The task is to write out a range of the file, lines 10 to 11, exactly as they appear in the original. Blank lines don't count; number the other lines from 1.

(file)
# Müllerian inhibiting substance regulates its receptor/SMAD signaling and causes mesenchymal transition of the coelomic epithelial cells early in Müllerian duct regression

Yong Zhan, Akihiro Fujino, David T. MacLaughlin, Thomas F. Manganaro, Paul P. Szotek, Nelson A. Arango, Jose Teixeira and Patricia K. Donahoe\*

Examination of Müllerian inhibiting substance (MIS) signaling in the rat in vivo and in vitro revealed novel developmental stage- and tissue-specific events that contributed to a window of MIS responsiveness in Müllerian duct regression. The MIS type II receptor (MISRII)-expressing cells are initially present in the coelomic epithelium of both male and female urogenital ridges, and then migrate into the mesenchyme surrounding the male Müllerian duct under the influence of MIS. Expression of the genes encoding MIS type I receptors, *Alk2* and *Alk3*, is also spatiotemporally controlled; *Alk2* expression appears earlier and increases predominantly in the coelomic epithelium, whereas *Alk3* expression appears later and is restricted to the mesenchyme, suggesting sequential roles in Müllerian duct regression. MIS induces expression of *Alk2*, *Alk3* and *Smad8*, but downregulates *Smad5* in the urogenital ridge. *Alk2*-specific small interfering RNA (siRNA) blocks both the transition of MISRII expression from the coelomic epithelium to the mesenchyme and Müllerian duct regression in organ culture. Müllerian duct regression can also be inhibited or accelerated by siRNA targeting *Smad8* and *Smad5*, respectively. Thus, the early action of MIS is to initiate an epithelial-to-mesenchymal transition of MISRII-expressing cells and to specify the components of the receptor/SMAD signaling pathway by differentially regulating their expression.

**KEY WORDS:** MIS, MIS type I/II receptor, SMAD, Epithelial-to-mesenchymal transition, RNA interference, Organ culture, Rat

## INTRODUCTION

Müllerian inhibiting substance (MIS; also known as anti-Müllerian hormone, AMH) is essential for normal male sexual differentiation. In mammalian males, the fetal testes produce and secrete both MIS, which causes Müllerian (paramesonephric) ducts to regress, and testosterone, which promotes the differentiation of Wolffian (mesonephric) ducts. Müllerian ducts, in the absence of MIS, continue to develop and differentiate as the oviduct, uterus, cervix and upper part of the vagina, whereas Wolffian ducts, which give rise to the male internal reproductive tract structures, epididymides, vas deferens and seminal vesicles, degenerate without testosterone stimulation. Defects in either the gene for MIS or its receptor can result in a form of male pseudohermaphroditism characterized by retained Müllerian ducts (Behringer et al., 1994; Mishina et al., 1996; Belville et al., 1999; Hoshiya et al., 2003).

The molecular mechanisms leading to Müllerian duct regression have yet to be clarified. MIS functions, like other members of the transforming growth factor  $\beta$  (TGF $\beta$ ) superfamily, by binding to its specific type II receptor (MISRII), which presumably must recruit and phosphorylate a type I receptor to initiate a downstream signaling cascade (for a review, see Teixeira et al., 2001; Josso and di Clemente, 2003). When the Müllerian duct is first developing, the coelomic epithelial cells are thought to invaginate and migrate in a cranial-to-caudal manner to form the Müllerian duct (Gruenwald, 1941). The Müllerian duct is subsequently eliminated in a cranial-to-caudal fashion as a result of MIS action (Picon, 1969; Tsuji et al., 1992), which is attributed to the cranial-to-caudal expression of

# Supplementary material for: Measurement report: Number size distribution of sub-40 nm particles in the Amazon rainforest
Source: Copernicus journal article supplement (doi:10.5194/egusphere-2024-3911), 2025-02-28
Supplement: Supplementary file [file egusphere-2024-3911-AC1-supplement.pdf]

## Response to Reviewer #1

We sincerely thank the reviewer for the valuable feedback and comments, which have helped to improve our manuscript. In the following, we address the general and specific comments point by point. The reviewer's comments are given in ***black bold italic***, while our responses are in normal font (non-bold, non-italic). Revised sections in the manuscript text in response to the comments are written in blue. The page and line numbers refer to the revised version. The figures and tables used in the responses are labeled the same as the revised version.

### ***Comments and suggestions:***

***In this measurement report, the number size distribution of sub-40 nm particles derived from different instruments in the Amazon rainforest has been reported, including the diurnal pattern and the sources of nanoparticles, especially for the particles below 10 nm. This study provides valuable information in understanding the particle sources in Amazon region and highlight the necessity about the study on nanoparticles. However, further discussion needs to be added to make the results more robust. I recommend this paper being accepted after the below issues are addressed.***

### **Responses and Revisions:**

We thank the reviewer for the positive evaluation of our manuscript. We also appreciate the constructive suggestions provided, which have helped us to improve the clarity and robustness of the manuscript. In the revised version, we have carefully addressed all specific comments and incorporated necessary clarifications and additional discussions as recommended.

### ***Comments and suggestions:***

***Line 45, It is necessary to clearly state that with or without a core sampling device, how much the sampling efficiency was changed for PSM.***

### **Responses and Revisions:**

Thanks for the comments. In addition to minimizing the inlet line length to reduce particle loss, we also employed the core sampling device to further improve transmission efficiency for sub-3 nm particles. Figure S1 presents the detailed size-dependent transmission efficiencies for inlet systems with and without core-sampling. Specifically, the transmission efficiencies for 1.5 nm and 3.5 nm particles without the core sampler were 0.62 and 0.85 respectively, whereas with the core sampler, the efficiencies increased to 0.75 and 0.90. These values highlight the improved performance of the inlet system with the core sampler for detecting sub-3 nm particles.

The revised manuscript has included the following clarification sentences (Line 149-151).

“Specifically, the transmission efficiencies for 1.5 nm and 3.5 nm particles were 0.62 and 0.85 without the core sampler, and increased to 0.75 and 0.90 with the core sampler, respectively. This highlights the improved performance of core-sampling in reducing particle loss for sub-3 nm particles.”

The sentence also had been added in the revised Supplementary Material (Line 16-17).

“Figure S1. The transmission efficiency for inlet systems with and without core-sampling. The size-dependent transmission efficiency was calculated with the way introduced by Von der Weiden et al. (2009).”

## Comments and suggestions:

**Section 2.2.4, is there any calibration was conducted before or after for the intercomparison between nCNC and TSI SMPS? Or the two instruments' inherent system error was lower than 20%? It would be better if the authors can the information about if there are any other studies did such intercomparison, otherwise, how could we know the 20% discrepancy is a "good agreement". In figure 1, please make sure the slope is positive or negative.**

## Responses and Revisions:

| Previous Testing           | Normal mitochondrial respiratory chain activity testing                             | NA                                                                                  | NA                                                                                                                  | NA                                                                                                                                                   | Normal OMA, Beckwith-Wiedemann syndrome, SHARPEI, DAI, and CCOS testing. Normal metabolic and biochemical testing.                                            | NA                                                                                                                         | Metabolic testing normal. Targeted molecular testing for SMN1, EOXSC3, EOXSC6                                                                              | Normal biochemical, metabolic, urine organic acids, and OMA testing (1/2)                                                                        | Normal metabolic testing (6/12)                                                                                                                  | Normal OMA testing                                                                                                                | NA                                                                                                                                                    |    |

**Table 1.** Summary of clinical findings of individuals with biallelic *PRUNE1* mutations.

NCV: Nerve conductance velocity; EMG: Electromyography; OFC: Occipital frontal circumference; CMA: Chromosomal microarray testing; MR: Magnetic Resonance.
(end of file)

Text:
Supplement: Supplementary file [file egusphere-2024-3911-AC1-supplement.pdf]

## Response to Reviewer #1